On the day a daughter was born to the Euloger, death whispered to his ear. The Euloger, ever faithful a scythe, this time, denied death this one eulogy. Would not speak it, would not listen. The superstitious townsfolk had come to live by his regular eulogies, as one lives by the whims of weather. Some saw in them prophecy, others a sought conclusion; some believed him deceitful, others thought him either blessed or possessed. His eulogies, objectively speaking, exacted no measurable effect on the outside world. Indeed, the Euloger might as soon write of the death of a man dead for a decade, than that of a newborn with life stretching long ahead. Prophecy, as perhaps all prophecy, was thereby merely incidental, happen-stance. But, that is not to say that people disregarded them. Quite the opposite. The townsfolk made a craft of deciphering his eulogies, of twisting them to fit a specific meaning, for that is the way of all people as a whole.
When, following his daughter’s birth, the Euloger became silent; a tension arose in town. People normally dull and gregarious, now suddenly discovered an edge to their character, a deceitfulness, a deviousness. Devilry was set afoot, and an inexplicable restlessness beset the normally sleepy town. Inexplicable, that is, until the focus of the entire community shifted onto the person of the Euloger, whose silence had become as loud as a howl. Gifts were sent his way to no avail. Then, curses. And a less superstitious people might have known these symptoms to be mere ado, mere suggestion, and put no stock by them. But as it were, the superstitious townsfolk whispered and conspired and plotted how best to bring the Euloger to write once more his eulogies.
The townsfolk were not the only ones to suffer the hiatus. Soon the Euloger himself was driven mad by the repressed eulogy, and could be glimpsed parading through town at all hours, like a drunk, meeting disdain, gossip, fear and pity as he waltzed feverish amongst his estranged neighbours. Not a one daring to offer help, and much less cross him. But the standstill could not long hold, and one day the village cracked. A furious mob found and seized the Euloger by his tatters and dragged him into the town square, chanting and speaking in tongues. There to force the poor Euloger to exorcise the eulogy stuck in the bottleneck, obstructing the flow, corrupting the village-folk… so that things may return to the grim normalcy of his regular eulogies. There, a quill was placed between his trembling fingers, and his hand wrote of its own accord—or by Death’s desire—the words of the eulogy he so feared. And no sooner was it written, than the mason engraved it into stone for all to read.
Do not tell me, please, the Euloger implored. Then, he proceeded to confess, before all gathered, the apprehension that had caused all of this madness: that he would write the eulogy of his own daughter.
Fear not, Euloger… poor man. Fear not, indeed, for it is your own eulogy you have written.
My… my own?
The Euloger laughed then, a mad laughter brimming and with undertones of lunacy and flooding relief. The townsfolk pitying him, disgusted, left the poor Euloger, unwilling scythe of death, in the town-square to his wayward madness. Disbelieving that they could ever have followed the whims of such a bedevilled man. Not far did they venture, however, that a voice found them on their way, which filled all the streets and houses of town.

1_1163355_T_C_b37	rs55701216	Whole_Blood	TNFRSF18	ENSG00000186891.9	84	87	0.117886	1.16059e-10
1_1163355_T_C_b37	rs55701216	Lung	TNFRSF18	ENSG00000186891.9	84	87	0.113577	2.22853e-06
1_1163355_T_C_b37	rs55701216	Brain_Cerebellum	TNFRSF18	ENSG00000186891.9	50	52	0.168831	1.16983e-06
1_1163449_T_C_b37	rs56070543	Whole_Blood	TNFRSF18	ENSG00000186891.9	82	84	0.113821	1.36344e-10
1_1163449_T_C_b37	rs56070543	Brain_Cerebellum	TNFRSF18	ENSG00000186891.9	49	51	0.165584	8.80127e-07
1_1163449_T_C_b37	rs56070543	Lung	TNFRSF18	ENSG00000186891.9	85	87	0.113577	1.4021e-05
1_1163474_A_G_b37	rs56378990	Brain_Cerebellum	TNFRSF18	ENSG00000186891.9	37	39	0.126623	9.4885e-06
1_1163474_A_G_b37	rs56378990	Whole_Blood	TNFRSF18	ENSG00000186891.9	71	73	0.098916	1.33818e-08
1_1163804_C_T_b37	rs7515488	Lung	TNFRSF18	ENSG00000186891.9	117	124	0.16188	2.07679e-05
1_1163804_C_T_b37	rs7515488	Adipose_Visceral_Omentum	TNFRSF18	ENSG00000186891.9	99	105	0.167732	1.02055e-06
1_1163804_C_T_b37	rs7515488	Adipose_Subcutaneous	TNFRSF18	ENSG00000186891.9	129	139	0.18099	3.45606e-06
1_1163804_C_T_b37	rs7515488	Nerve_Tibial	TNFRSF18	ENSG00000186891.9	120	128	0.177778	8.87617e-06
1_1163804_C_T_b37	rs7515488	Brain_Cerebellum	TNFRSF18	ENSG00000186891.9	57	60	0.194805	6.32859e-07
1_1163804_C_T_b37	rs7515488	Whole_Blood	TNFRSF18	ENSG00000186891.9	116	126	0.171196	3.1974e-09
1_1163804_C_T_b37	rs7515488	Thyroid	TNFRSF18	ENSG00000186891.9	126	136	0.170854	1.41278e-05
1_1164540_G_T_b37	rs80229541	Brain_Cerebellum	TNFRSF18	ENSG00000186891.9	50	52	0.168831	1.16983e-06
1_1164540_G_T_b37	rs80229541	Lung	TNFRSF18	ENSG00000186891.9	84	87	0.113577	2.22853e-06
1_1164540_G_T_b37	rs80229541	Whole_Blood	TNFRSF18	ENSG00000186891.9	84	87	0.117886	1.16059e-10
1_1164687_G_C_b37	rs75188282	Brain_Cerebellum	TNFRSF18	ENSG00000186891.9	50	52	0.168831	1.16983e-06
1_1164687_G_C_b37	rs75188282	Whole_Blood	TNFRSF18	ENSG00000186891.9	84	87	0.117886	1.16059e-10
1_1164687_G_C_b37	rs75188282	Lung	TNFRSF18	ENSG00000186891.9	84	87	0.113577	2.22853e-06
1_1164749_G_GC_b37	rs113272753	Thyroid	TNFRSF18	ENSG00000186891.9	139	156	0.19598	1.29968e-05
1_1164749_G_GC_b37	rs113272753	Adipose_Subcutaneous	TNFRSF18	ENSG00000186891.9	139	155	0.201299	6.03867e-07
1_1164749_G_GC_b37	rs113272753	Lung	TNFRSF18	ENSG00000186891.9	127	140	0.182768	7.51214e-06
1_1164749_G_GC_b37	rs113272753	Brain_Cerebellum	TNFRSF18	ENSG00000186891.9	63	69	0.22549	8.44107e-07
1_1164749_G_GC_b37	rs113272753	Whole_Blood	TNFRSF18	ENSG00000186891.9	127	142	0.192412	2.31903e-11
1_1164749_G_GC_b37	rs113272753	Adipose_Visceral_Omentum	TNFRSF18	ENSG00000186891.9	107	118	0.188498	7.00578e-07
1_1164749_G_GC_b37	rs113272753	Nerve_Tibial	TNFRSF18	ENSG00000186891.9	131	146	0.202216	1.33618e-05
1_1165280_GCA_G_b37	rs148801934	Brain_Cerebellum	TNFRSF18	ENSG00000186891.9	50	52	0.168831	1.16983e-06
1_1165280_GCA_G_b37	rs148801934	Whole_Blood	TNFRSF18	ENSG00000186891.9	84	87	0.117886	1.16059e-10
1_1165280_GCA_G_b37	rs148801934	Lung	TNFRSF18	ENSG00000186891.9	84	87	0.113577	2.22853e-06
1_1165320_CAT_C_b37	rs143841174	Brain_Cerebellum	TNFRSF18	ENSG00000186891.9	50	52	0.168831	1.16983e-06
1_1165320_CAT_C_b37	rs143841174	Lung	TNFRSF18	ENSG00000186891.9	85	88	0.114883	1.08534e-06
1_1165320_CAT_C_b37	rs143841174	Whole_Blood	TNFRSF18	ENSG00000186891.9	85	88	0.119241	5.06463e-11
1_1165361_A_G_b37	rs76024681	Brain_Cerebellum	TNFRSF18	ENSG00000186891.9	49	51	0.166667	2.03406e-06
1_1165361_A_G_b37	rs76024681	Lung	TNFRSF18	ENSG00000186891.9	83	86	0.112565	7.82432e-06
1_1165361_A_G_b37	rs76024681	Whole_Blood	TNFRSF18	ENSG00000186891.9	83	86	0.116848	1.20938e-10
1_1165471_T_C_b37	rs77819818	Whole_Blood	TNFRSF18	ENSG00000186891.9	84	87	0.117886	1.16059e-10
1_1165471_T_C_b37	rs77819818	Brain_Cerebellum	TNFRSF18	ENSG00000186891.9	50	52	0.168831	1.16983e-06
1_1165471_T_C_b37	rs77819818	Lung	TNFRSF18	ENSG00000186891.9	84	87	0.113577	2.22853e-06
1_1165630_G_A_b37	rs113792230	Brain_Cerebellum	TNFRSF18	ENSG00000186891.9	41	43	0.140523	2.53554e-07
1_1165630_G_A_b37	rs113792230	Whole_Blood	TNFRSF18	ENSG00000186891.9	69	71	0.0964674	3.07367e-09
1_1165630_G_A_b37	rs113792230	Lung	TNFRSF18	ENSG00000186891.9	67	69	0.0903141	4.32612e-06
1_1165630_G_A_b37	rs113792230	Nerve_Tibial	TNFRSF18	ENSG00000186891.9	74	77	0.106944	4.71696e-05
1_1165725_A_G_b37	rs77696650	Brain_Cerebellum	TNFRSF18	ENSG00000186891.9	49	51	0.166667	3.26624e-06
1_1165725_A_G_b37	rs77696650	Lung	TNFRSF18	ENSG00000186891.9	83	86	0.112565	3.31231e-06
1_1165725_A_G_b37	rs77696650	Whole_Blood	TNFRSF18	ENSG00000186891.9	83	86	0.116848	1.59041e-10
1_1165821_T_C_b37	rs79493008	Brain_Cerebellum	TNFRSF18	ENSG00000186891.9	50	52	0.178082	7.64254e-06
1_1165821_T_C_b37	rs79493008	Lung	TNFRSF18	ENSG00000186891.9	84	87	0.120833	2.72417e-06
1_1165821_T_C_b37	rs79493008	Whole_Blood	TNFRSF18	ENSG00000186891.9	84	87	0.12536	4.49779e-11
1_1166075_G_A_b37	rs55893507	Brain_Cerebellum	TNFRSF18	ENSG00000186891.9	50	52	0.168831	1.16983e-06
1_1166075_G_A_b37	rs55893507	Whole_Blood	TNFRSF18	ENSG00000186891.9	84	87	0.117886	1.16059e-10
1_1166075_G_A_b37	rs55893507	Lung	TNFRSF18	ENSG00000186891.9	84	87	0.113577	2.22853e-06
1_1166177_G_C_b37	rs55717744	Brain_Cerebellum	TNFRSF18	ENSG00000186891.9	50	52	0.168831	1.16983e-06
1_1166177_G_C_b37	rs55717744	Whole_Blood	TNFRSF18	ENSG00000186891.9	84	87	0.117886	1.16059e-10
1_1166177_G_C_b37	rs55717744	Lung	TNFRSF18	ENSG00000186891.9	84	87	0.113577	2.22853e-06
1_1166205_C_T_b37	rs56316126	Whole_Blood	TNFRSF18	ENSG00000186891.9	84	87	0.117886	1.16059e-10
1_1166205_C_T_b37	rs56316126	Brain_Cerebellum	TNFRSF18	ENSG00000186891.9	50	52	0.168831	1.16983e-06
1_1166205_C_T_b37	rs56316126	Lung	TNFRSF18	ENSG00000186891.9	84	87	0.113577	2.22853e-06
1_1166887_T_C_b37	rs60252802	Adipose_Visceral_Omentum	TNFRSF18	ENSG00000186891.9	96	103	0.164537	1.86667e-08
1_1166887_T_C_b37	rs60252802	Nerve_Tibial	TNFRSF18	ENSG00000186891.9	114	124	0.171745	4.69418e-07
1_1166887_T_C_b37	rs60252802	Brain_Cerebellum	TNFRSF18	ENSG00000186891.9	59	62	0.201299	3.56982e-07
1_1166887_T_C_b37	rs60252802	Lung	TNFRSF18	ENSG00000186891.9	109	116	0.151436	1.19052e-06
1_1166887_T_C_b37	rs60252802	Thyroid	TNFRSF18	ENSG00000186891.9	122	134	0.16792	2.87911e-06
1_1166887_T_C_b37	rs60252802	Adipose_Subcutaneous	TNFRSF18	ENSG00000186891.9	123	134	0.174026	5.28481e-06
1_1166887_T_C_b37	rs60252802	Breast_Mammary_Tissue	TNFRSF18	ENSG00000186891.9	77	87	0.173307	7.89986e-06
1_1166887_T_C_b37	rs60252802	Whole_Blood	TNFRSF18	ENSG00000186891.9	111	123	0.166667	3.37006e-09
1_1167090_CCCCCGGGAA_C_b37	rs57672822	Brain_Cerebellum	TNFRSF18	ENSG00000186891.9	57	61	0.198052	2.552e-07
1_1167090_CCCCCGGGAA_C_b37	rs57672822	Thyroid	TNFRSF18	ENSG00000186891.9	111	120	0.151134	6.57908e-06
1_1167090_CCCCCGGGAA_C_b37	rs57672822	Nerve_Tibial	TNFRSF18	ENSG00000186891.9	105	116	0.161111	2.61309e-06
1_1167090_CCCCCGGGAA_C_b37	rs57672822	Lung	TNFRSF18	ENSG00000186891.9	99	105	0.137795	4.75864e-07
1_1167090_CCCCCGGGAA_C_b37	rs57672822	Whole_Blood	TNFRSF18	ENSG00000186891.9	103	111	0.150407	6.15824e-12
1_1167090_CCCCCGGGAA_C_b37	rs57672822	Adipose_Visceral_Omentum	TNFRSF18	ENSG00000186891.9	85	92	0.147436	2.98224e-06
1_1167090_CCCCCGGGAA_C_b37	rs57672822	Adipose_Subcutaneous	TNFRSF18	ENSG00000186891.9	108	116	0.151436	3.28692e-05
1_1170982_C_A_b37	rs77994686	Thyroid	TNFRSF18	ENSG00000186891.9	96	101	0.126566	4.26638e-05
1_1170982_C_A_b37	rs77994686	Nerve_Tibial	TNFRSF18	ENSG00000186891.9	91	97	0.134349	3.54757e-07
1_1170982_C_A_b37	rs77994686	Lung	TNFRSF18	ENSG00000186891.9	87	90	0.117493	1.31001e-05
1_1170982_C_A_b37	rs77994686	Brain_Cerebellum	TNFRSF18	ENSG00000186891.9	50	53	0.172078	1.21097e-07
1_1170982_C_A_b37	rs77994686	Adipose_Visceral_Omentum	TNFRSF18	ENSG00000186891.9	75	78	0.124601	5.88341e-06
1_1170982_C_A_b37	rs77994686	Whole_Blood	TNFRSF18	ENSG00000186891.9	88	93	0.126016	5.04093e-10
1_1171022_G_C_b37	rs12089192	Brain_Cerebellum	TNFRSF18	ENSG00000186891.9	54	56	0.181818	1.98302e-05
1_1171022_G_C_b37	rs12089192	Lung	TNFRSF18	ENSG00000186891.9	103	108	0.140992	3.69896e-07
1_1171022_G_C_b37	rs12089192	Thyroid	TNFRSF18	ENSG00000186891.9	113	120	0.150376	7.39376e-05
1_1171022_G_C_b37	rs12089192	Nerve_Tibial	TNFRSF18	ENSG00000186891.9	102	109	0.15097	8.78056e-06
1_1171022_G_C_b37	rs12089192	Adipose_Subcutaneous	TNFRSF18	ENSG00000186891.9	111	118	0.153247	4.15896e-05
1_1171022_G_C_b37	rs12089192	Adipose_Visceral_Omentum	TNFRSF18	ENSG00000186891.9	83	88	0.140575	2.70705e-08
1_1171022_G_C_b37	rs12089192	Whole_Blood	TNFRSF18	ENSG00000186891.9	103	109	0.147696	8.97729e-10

Hear ye, hear wide, the Euloger still writes. There is more, and such a flow that cannot be stoppered, now unleashed. Come witness lest you be named in your absence and die in your sleep.
And so it was that the villagers, ever the superstitious folk, forgot their misgivings and flocked back into the square to surround the Euloger. Who, indeed, could bear the thought of missing their own Eulogy, and much less, that of their own children? A curious restlessness fell over the square as the Euloger wrote. For, no more did they desire to miss the penning of their respective eulogies, than did they want to witness it penned. The Euloger, wrote all that day and it was only well into the night that his pen stilled. By then, the Euloger was surrounded by veritable graveyard of carved stones bearing his eulogies. As he took in the sight, he found that the square was once more deserted. Not a single person had lingered. A crow cawked on a near by roof. In the end, none had been spare the scythes wayward sweep. And this had the curious effect of revealing a universal truth: that all must die and such is the bargain of life. That a balance must ever be struck between the knowing and the forgetting of death; between its inevitability and the belief that tomorrow will come. And such is life that a perfect balance may never truly be achieved.
Once his work complete, and Death’s whispers were allowed to permeate into the mortal realm, the Euloger sat upon the edge of the fountain and sighed. Such a whimsical master was Death. It occurred to him, then, that he may, at long last return home to his wife, to meet his newborn daughter. The sun rose into the horizon above the houses as he left the newly established graveyard. He thought it proper, as the gravestones began casting shadows, and fitting, that it may be so that a graveyard now blossomed where once a bustling town square had been, in a town whose folk were so obsessed with death.
As he made to leave, his eyes fell upon his own tombstone, and the eulogy inscribed there. He read it and smiled and thought it proper.
Such is life,
That it takes root
Between sow and scythe.
And reading it, the Euloger thought of his daughter. Knowing now, more than, ever that he could not yet die.